Water scarcity presents risk for investors, but opportunity too

Credit Suisse has highlighted the 'perfect margin squeeze' for agribusinesses and primary producers presented by water scarcity but efficiency innovation continues to present investment opportunities.

A lot has been said and written about the risk that climate change and drought poses to agriculture, especially in Australia, but a report from Credit Suisse last week laid bare the challenge in stark terms.

“The potential cost of water stress should not be underestimated, in our view,” the report said. “The World Bank has estimated that water scarcity exacerbated by climate change could cost some regions more than 6 percent of gross domestic product by 2050.”

Developed countries are not immune to this challenge. Agri Investor sat down with one of the report’s co-authors, Credit Suisse’s head of ESG research in Australia Phineas Glover, to discuss the implications for agriculture Down Under.

Glover said that the Water Scarcity: Addressing the key challenges report drew on a raft of existing reports and research, to reach its conclusions on the impact that climate change is having on water scarcity. He said the approach resulted in a clear view that water stress and climate change are “inextricably linked” with disrupted rainfall patterns, which means the “wet become wetter and the dry become drier”, even if overall global rainfall volumes do not necessarily decline.

This increased water scarcity causes what Glover calls a “perfect margin squeeze” for agribusinesses and primary producers.

“Your yields and volume both decline, and the price you can achieve for your produce declines because quality generally declines – and this is at the same time you have a huge increase in cost, through primarily water costs increasing,” he said.

Glover also said that he believes agriculture investments in Australia, and more generally in areas where climate change is having an immediate impact, are higher risk than investors perceive.

Discussing public equities where Glover primarily does his research, he said: “I think the public markets are still treating these as one-off events, with terminology like one-in-50 or one-in-20-year events [for droughts]. There’s a mindset of looking backwards at how statistically probable events are, without recognizing that this is a secular trend and thinking about risk in a completely different way.”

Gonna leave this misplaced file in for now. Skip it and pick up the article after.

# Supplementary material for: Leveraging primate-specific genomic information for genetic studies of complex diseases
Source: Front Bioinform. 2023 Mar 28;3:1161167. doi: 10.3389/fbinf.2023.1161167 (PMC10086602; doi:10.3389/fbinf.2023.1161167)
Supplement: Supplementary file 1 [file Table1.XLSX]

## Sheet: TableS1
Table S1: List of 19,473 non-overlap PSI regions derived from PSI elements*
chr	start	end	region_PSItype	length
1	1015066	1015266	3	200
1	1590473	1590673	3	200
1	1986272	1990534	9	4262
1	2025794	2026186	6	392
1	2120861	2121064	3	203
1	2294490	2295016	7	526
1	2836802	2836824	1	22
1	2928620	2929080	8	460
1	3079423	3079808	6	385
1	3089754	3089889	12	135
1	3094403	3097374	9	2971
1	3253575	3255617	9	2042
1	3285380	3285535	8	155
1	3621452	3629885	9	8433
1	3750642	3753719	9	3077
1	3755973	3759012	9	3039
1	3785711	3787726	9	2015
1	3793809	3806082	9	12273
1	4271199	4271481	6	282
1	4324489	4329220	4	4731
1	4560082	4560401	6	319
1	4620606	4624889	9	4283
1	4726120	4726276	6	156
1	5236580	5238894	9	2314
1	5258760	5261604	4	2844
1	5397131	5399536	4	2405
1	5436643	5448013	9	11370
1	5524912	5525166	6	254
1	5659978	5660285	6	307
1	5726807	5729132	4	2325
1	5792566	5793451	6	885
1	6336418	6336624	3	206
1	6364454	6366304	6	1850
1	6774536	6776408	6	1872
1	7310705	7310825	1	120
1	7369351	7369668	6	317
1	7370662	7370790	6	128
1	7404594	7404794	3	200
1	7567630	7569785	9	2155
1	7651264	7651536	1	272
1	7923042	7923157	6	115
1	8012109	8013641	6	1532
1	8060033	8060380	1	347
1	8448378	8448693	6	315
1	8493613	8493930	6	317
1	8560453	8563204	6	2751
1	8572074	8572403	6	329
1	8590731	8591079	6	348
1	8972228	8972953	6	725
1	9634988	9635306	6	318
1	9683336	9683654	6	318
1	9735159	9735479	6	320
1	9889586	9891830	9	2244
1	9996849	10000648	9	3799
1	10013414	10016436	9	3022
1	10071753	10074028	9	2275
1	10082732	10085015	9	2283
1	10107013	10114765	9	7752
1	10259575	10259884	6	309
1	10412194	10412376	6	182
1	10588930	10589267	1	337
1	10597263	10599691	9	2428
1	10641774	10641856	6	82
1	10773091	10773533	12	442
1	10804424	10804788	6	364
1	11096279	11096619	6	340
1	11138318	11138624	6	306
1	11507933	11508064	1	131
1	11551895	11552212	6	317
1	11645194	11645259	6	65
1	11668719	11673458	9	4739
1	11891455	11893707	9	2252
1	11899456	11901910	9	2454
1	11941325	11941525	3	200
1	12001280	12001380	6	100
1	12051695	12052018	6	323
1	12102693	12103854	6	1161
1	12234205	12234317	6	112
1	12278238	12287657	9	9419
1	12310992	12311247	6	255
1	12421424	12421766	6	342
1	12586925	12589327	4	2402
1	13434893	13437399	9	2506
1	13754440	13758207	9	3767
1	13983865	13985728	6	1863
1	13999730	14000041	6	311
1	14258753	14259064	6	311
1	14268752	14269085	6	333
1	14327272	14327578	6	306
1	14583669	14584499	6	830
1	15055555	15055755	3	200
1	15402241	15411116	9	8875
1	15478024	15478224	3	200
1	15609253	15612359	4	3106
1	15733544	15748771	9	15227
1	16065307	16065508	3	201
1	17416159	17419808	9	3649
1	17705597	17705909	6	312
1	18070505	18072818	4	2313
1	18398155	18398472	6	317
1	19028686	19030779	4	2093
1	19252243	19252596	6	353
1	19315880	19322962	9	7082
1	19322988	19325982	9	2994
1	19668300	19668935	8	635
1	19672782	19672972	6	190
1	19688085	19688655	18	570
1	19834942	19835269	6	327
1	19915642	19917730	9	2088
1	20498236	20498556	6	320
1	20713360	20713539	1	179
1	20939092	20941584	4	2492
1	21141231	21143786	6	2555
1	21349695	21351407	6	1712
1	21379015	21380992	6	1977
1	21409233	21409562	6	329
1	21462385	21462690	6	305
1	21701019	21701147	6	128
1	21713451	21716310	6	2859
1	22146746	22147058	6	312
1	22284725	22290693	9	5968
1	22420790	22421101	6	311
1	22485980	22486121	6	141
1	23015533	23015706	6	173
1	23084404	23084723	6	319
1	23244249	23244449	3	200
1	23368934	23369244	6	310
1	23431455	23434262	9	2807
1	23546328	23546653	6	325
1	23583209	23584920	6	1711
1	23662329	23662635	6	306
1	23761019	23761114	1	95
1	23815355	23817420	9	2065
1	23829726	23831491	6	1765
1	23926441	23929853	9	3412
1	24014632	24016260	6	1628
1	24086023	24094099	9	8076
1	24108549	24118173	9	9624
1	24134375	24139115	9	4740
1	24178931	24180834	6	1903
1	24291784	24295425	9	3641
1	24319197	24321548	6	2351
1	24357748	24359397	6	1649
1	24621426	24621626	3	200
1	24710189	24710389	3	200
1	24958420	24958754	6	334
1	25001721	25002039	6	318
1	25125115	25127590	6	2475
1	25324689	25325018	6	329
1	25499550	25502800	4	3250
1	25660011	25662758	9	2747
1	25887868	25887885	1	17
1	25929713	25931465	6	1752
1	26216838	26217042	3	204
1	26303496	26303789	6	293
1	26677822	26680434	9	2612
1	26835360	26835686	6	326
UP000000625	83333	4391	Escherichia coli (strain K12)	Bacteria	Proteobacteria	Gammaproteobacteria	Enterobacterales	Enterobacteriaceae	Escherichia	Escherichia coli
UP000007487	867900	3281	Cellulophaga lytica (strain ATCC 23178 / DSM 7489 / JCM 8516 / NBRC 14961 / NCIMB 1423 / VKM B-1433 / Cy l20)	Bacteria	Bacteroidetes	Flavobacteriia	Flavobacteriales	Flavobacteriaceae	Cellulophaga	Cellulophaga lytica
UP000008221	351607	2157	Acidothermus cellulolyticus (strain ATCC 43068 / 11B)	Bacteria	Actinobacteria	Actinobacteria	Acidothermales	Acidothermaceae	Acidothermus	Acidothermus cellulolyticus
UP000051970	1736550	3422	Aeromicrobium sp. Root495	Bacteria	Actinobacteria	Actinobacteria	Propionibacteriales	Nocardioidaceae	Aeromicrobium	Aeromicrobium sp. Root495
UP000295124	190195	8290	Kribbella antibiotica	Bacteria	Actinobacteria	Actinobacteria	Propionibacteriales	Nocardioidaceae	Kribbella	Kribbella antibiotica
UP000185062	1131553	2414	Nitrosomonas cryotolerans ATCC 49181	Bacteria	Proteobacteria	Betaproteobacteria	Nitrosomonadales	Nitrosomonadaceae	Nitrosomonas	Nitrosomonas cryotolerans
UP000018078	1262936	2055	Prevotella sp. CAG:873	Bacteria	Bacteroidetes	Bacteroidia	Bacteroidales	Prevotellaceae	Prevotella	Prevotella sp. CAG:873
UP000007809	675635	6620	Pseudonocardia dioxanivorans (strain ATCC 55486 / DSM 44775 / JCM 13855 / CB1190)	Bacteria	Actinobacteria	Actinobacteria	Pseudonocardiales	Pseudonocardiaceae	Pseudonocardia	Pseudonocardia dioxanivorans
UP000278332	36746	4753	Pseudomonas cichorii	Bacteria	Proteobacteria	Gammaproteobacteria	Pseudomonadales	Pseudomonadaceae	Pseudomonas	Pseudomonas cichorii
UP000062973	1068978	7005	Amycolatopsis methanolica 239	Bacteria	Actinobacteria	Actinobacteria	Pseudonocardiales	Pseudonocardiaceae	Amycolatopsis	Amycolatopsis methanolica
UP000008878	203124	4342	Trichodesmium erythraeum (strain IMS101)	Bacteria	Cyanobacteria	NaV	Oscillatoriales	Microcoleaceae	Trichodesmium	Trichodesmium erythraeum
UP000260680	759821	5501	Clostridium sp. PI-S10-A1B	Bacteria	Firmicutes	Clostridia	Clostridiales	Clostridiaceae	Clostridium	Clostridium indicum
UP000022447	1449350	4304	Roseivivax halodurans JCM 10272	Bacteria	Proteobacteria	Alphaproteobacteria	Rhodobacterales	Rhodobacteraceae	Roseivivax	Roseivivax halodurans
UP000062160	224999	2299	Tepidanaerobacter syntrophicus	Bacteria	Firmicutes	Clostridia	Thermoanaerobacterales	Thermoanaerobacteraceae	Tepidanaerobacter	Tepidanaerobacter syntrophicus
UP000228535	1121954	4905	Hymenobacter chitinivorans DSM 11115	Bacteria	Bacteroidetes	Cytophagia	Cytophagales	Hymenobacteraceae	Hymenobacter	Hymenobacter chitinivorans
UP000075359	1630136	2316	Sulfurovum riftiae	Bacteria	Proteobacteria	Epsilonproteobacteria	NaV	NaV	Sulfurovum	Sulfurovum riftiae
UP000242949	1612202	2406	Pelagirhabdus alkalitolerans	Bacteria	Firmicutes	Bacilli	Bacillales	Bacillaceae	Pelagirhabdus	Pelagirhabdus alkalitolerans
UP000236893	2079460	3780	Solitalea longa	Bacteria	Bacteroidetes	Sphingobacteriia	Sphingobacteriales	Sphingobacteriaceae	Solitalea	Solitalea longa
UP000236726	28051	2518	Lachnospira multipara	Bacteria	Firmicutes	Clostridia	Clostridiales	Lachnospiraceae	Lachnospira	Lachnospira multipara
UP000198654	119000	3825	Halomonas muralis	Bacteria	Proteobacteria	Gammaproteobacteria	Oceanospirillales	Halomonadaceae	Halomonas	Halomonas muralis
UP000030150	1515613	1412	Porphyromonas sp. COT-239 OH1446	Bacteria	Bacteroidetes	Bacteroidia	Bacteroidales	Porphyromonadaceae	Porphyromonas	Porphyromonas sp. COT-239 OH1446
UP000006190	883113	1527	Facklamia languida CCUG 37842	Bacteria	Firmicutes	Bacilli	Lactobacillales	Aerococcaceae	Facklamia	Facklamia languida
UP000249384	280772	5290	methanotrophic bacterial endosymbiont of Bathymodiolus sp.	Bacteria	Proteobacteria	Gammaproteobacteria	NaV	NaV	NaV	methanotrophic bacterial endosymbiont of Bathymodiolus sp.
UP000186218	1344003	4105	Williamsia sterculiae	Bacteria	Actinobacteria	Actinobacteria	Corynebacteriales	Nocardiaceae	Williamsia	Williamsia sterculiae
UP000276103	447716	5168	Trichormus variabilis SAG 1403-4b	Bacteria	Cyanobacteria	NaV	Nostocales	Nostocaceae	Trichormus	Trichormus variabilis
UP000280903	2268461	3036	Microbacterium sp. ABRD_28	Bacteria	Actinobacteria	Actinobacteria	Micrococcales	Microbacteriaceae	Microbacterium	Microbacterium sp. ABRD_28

Glover said it is Credit Suisse’s view that water prices will continue to trend upwards in Australia, notwithstanding the current period of drought that has helped to drive up temporary water prices in the Murray-Darling Basin.

“We believe you’ll start to see more focus on the price people have to pay for water. One thing that’s been suggested is a tiered approach to pricing water, with higher charges for households that use more than the average,” he said.

He also noted that commercial enterprises like mines and farms pay less for water on a per-kiloliter basis than households currently: A$2.11 ($1.42; €1.28) per KL for households compared with the average commercial spot price of A$0.71 per KL for 2019-20 so far.

The figures show that water-intensive commercial farming and mining operations are paying less than households, even in a one-in-100-year drought, and while there may be good reasons for that, it is reasonable to question how sustainable that is in the long term, economically or politically.

Even a cursory glance at the submissions published on the Australian Competition and Consumer Commission’s website this week from its inquiry into water trading in the Murray-Darling Basin, is enough to show the strength of ill feeling among individuals when water scarcity and high pricing combine.

Despite the risks of more frequent and more severe droughts, coupled with higher water prices, Glover points out that the need to tackle water scarcity is a “big opportunity” for investors, too, especially in agriculture.

“Decarbonization of energy continues to be one of the largest investment opportunities of our generation for companies with good ideas and breakthrough technologies.

“It’s the same for water – what will be interesting is to see how that evolves, not just in terms of infrastructure projects, but in how you can improve sectors like agriculture, where large areas are still not particularly water efficient.”

Contact the author at daniel.k@peimedia.com